Foodstuffs: Homemade Cider Doughnuts. Need We Say More?

Oct 2, 2014

Doughnuts. Is there anything they can't do?
Credit Stef Noble via Flickr/CC http://ow.ly/CdH92

It’s apple season, and one of the most enjoyable ways to partake is the apple cider doughnut.

Amy Traverso is senior lifestyle editor at Yankee Magazine and author of The Apple Lover’s Cookbook.

She tells says even though New Hampshire has plenty of great cider doughnuts for sale, everyone should try making a batch at home at least once.

It’s hard to compete with some of the doughnuts made at great places like Gould Hill or Alyson’s or the many apple orchards that make doughnuts, because they’re truly excellent. But I think that A) homemade, you can have them without having to get out of your house and put on real clothes. You can just cook them in your pajamas and enjoy them! And B) I think it’s the, “Hey, I did this,” aspect of it that’s really appealing.

The recipe you use calls for boiled cider. What does that add to the doughnut that just pouring cider into the mix might not provide?

Boiled cider is sort of the maple syrup of cider. It’s reduced, so that a lot of the water is eliminated and it’s very, very concentrated. Boiled cider is a great way to inject that apple cider flavor into your doughnuts. However, if you don’t have it on hand - and it’s not something we typically find at our local supermarkets – you can just take regular cider and cook it down until it’s reduced. You could start with a cup of it or a cup and a half, and then reduce it down to a third of a cup. And so then you have that more concentrated flavor.

You write that cider tends to make doughnuts more tender. Do you have to then compensate for that in other areas of the recipe, or do you just have cider and it makes for a more tender doughnut?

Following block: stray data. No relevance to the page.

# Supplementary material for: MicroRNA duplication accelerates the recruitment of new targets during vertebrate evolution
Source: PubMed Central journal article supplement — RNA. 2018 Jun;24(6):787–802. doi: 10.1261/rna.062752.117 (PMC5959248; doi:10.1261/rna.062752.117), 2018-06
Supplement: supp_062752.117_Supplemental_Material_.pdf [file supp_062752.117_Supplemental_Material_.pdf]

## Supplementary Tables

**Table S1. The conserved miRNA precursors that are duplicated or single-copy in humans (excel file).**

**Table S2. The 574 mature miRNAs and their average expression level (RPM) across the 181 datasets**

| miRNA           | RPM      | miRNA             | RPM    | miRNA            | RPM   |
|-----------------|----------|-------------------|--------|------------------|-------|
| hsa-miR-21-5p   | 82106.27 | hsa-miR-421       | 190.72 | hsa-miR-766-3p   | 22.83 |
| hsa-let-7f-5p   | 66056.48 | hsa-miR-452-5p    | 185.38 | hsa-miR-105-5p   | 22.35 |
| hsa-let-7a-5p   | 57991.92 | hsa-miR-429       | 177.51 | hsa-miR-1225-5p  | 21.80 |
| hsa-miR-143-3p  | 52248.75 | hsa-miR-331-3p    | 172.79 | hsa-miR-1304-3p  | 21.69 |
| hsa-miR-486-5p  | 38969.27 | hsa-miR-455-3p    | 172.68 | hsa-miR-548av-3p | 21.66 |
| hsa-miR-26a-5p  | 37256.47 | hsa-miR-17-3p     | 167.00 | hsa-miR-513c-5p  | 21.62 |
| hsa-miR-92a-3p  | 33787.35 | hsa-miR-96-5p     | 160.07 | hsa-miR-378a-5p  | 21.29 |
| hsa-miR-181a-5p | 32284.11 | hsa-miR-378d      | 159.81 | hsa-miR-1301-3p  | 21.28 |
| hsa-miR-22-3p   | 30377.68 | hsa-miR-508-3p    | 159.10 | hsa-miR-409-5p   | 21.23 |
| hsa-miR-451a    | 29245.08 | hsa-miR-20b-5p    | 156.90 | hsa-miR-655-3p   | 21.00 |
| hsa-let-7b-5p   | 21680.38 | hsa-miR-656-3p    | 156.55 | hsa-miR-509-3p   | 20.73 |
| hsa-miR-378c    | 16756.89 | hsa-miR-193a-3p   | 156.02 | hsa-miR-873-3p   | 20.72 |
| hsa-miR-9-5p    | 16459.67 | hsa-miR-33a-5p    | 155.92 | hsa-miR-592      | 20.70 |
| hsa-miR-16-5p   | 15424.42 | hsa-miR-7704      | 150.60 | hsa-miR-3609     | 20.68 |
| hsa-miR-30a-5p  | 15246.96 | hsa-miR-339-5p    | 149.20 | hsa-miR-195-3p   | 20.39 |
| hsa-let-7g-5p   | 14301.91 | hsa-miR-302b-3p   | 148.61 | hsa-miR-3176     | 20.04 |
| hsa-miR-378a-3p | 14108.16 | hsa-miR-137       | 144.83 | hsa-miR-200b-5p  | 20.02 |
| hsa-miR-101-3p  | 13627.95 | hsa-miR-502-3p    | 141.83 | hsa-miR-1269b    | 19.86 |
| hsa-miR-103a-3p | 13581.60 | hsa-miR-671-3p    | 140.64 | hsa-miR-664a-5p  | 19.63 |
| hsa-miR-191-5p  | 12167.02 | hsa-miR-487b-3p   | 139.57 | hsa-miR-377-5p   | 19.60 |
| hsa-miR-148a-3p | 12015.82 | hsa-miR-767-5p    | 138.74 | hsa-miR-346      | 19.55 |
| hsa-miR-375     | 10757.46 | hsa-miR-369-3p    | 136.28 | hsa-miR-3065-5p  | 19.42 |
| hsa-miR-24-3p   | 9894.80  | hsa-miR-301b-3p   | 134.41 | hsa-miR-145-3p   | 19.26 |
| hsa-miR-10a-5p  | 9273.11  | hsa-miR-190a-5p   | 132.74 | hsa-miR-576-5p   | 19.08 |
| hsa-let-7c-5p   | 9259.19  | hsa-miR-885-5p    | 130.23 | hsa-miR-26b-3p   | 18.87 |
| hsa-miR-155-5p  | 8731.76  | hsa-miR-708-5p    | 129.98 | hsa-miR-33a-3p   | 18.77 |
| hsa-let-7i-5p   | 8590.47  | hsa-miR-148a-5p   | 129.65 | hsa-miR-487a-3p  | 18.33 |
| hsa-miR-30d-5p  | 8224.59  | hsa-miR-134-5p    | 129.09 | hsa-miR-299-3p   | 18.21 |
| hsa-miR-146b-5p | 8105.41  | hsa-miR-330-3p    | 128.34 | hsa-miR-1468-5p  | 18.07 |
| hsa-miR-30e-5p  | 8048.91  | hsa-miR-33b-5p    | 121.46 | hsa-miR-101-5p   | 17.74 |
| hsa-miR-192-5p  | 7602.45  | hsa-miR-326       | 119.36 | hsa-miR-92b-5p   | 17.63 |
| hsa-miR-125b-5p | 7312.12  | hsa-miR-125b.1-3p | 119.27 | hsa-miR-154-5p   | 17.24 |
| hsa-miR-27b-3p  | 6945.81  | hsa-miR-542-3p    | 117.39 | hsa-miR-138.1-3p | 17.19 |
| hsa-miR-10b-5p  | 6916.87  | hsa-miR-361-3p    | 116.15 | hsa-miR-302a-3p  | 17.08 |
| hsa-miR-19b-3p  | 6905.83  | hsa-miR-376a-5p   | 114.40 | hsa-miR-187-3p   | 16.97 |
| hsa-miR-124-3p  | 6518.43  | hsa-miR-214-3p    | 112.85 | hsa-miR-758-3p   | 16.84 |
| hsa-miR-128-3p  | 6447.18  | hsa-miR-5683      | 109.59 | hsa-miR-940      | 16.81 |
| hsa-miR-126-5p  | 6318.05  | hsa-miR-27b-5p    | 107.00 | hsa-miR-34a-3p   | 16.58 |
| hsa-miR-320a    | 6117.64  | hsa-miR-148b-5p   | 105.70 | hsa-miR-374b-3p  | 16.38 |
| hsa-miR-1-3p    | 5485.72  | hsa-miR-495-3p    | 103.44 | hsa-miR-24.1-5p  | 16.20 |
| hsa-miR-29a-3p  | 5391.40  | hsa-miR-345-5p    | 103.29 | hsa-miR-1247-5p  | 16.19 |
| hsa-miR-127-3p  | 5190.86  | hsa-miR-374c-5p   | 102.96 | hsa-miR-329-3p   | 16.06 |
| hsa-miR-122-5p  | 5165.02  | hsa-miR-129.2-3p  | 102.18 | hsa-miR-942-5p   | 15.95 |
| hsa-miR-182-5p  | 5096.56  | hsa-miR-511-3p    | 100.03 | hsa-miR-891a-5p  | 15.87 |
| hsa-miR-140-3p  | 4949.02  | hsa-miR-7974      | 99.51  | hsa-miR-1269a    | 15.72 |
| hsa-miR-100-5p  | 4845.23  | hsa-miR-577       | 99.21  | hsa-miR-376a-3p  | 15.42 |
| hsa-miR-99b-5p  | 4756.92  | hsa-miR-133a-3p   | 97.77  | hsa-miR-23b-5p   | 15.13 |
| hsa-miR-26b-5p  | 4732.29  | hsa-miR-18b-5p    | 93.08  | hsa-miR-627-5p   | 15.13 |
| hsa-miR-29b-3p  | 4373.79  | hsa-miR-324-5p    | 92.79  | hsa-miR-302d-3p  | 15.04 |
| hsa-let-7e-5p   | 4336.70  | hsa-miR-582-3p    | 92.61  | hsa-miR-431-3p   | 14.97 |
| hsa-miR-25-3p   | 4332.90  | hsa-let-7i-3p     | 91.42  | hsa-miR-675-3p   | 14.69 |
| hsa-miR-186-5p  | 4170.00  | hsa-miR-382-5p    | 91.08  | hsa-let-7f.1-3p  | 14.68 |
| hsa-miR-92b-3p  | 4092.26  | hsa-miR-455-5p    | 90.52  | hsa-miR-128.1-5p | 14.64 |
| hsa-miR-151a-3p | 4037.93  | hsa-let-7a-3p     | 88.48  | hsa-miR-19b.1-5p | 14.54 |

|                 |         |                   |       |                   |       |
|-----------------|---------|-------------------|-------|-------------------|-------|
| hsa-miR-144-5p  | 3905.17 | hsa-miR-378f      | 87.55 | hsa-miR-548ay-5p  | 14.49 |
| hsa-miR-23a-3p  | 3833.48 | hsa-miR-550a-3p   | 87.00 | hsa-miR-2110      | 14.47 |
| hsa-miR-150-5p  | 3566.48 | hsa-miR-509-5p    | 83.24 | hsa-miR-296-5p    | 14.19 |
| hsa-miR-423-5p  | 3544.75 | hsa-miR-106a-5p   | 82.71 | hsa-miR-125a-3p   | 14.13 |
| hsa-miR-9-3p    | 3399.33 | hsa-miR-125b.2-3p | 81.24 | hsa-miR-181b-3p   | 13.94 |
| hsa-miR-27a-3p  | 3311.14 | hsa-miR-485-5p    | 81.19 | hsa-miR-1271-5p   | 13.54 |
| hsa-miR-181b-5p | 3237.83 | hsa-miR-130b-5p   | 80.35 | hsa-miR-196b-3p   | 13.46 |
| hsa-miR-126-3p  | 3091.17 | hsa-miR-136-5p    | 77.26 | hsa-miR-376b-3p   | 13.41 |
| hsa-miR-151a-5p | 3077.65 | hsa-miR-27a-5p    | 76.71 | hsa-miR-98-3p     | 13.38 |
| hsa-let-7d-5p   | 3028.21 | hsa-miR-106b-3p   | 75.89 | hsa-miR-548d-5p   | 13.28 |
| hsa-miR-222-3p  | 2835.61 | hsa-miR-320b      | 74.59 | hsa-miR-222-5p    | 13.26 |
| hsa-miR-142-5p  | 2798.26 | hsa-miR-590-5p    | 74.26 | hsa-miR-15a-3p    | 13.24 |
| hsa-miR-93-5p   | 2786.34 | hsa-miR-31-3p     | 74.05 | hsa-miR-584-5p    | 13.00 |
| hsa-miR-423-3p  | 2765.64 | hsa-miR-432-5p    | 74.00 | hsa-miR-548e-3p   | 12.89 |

It makes a more tender doughnut. It’s good to have them be tender, and the flour will do a good job of making them hold together – the flour will add the gluten that binds them. That combination of the gluten holding it together and the tenderness – it’s a perfect doughnut texture.

Are there places where someone who doesn’t do a lot of baking might get stuck in their first try at making cider doughnuts? Any tips for them?

It helps to have your dough be cold and firm – if it starts to warm up and get sticky, you can just put it in your freezer for ten minutes and that’ll do the trick. Also, in my particular recipe, I say use plenty of flour to roll it out. That’s another way to prevent sticking – the dough is moist enough that adding that extra flour in the rolling out process will not make it tough.

What are your favorite variations and alternatives to the traditional cider doughnut?

Some of the variations come in the finishing. You can serve them plain, you can roll them in cinnamon sugar, or you make a very simple glaze by mixing a tablespoon of apple cider into about a cup of confectioner’s sugar. You can start there and see if it has the right drizzling texture, and then add a little liquid at a time until it’s pourable. There are two finishing methods that are both delicious.

And then we have a recipe in the current issue of Yankee, which is cider doughnut muffins, which I highly recommend as an alternative to those of us who don’t want to deal with the frying, which can be a little messy. You bake in regular muffin tin, brush them with a little bit of butter on the outside and roll them in cinnamon sugar. They give you all that cider doughnut flavor with a little bit less hassle.

Do you miss cider doughnuts in the other three seasons of the year or do you try to have them in spring, summer or winter?

I try to stick to that motto, enjoy things in season so they’re special. But if somebody offered me a cider doughnut in May, it would not turn it down.